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Briefing Paper Series

Bernt Pölling-Vocke (bernty@gmx.com)

Master of International Relations

Victoria University, Wellington, New Zealand

The neo-liberalistic economical globalization from a Buddhist point of view


Today’s global economy is heavily influenced by neo-liberalistic doctrines, which developed during the 1970s and became increasingly prominent during the 1980s. Neoliberalists criticise government inventions in the economy and claim that the net gains of global free markets and capitalism will outweigh their costs in almost all cases.  Unquestionably, global free trade and globalization has grown over the last decades, but as Kofi Annan pointed out in his Millenium Report, the benefits and opportunities of globalization remain highly concentrated among a relatively small number of countries, and that globalization can bring on economic instability and social dislocation at lighting speed. In this essay I will try to highlight a Buddhist’s stance towards globalization in the following three spheres: global production, global consumption and global lifestyles.

Global Production: Multinational corporations no longer choose their venues to serve local markets alone, but move their bases to locations from which the global market can be served best. In the end, the decision often becomes a race to the bottom for prospective production sites, as costs have to be minimized and labour flexibility maximised. The products themselves have to bring satisfaction to the global consumer, not a satisfaction at having enhanced the quality of the consumer’s life. From a Buddhist point of view, everything about this line of thought is wrong and uneconomic. The working conditions of the workforce are almost criminal, as a sharp line between work and leisure will be drawn for those working as mechanical slaves in the factories. Machines replace tools, and for the worker the chance to utilize and develop his abilities at work are destroyed. There is no common task among the workers, and if there is, it is at best artificial. Production for a global market is highly uneconomic, as self-sufficient local communities are worth thriving for. The fact that Metro New World sells three imported German beers at horrendous prices might result in a wide choice for the consumer, but allows choices lacking any kind of ethical reflection and loaded with bad kamma. The aim of global production, wealth, is justifiable. But wealth should not be too important or  hoarded and has to be used for constructive purposes.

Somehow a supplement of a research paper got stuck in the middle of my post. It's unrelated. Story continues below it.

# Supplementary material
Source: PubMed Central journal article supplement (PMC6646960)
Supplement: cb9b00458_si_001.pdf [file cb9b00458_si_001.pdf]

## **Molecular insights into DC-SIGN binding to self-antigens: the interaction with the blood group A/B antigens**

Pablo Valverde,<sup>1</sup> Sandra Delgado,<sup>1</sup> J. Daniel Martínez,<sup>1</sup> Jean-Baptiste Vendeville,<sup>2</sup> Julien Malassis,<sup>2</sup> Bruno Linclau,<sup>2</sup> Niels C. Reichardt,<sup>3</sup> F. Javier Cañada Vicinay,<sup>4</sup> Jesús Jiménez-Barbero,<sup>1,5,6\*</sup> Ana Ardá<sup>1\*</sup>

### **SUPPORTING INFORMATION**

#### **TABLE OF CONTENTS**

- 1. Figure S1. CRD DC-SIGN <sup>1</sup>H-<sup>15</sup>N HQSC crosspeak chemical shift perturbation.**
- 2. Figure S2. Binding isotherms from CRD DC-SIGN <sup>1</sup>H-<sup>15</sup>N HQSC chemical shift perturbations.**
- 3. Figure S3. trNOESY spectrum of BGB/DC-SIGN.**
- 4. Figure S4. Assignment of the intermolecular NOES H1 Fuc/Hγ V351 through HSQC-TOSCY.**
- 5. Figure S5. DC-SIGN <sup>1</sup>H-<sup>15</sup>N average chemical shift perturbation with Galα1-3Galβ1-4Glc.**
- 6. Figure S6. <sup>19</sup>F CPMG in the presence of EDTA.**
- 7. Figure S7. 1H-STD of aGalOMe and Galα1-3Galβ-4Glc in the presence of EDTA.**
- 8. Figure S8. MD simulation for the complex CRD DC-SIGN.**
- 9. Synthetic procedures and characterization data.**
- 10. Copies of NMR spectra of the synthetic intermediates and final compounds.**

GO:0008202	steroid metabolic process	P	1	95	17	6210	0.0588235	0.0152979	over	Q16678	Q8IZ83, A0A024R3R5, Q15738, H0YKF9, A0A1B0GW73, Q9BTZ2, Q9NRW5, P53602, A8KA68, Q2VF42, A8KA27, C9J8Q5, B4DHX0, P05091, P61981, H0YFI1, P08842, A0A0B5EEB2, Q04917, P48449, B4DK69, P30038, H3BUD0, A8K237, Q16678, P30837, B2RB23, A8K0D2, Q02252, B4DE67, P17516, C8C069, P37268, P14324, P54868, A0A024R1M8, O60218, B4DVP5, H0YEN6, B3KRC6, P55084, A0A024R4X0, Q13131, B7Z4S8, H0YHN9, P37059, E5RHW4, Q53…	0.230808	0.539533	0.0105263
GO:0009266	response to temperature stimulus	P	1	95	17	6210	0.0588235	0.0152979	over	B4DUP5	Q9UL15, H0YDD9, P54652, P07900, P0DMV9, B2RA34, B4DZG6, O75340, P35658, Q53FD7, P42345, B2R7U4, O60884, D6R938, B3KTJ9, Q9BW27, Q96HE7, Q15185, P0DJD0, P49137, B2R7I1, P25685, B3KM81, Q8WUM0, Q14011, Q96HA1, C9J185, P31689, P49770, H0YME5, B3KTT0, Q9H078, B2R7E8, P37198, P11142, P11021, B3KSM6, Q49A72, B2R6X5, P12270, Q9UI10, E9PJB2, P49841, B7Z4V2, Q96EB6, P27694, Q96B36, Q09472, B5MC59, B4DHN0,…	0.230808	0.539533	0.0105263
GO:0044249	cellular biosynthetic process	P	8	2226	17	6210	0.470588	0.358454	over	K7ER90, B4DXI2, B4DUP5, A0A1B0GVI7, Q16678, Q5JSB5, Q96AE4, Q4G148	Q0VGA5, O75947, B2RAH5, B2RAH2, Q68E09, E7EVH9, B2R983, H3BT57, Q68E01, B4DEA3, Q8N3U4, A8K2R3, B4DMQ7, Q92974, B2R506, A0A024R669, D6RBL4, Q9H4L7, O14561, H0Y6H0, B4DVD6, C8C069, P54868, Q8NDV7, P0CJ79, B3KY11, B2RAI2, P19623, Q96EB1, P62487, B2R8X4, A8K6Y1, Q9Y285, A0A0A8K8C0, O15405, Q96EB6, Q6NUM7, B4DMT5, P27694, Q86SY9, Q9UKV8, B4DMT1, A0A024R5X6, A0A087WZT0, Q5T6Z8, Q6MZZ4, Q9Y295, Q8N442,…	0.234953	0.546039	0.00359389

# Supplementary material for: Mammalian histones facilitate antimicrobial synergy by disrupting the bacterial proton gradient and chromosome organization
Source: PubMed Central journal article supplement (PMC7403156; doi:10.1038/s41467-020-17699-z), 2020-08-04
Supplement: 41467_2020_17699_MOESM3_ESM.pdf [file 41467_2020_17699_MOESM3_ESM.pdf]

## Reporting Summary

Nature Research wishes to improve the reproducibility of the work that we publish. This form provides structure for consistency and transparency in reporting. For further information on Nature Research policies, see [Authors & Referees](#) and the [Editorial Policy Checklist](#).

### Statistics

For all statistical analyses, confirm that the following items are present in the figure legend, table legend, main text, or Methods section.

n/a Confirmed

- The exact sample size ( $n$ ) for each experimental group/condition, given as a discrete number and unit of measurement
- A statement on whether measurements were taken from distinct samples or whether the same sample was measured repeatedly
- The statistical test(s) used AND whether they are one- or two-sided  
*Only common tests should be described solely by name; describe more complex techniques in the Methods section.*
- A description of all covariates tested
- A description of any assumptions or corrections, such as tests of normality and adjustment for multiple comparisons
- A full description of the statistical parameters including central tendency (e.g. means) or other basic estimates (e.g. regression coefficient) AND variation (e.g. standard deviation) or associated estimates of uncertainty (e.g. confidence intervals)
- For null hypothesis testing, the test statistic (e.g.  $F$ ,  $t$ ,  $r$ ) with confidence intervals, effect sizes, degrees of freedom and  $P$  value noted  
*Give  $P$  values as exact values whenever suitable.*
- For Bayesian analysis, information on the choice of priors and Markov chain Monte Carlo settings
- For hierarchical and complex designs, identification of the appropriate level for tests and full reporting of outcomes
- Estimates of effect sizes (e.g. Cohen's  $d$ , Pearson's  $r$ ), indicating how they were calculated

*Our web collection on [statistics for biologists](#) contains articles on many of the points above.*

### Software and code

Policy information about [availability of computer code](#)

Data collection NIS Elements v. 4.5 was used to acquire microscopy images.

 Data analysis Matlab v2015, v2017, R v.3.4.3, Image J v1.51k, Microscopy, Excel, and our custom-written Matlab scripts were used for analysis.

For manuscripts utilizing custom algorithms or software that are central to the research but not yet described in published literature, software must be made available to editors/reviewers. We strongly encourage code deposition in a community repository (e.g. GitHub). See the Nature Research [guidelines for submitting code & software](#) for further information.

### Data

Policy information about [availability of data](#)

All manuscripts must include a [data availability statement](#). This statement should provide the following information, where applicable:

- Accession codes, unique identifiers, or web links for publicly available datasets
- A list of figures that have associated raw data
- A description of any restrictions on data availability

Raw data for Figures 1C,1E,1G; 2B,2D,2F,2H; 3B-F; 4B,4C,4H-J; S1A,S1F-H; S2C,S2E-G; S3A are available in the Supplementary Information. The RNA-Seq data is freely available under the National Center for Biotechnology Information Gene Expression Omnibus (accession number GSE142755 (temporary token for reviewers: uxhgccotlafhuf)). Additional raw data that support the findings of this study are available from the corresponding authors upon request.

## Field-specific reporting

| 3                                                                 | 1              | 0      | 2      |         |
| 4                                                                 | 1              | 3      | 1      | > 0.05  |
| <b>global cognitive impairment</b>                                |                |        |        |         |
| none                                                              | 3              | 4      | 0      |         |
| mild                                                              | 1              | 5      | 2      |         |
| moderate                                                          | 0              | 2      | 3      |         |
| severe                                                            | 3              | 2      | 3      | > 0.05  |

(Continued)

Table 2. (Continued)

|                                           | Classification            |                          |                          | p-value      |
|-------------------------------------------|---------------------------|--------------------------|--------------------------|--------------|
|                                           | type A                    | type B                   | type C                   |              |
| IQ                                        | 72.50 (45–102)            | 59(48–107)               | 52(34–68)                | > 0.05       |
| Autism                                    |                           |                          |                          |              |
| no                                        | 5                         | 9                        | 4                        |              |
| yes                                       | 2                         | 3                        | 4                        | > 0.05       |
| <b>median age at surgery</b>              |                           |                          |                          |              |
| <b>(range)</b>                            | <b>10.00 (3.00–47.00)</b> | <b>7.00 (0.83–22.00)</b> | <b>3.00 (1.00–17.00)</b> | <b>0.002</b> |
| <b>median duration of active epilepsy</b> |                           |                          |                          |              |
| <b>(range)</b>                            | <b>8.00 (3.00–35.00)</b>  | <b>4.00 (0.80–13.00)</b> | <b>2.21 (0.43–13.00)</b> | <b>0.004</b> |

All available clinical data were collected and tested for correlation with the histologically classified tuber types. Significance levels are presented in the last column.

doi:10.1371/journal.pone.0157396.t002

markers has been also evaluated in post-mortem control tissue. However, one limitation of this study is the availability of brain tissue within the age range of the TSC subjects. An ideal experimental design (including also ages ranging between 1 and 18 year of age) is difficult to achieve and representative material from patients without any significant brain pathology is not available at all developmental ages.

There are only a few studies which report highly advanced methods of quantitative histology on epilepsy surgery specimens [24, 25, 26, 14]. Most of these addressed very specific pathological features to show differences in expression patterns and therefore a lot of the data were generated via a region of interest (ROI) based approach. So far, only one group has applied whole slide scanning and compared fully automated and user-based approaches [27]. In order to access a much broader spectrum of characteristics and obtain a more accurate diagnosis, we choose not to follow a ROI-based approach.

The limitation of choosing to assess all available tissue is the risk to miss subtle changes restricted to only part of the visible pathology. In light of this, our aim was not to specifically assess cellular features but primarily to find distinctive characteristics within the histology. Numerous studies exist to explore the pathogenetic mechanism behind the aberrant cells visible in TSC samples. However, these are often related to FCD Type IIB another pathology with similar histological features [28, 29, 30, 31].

Global Consumption: Material comfort can create happiness, but is of a secondary nature to the development of human potential. Right Livelihood, as one factor on the Noble Eightfold Path, consists of food, clothing, shelter and medicine. Various degrees of material dependence exist among humans, and as long as one’s livelihood does not exploit others, wealth is not condemned. Global production does just this, and also contradicts simplicity and non-violence. Patters of consumption continuously deteriorate, the more global consumption and overconsumption become commonplace. Also, consumption in neoliberalistic markets is not aimed at personal well-being, but merely at satisfaction, thus wrong. The concept of moderation is also missing from the open-ended economic activity of globalization, and the right amount of consumption is disregarded as most decisions of consumption lack reflection of their true purpose.

Global Lifestyles: The spread of neoliberalistic doctrines coincidences with a spread of uneconomic lifestyles. Humans, especially mothers of young children, have to work as they crave for the enjoyment of pleasurable things, and cannot liberate themselves and proceed on their path to salvation. A modest use of resources is discarded and work is separated from satisfaction and merely the path to consumption. The natural consequences of all actions and work become secondary to artificial consequences, such as money. The attitude towards work is filled with apathy, laziness and poor workmanship, as work is no longer a complementary part of a living process involving work and leisure. Personal well-being is widely ignored or even violated through unreflected consumption or overconsumption, and the absurd craving for material possessions can contradict the aim of non-violence as criminal activity can result.

Conclusion: Based on an analysis of global production, consumption and lifestyles it is obvious that today’s economical world affairs would look different if Buddhism had been the world’s major religion centuries ago, when Calvinist traditions led to the rise and development of today’s economic world affairs. Nevertheless, Buddhists can try to aim at a middle way and incorporate many of the concepts or technologies of globalization into their societies. The result could be a more locally oriented capitalism based on moderation, simplicity and non-violence, which could greatly enhance the well-being of its society.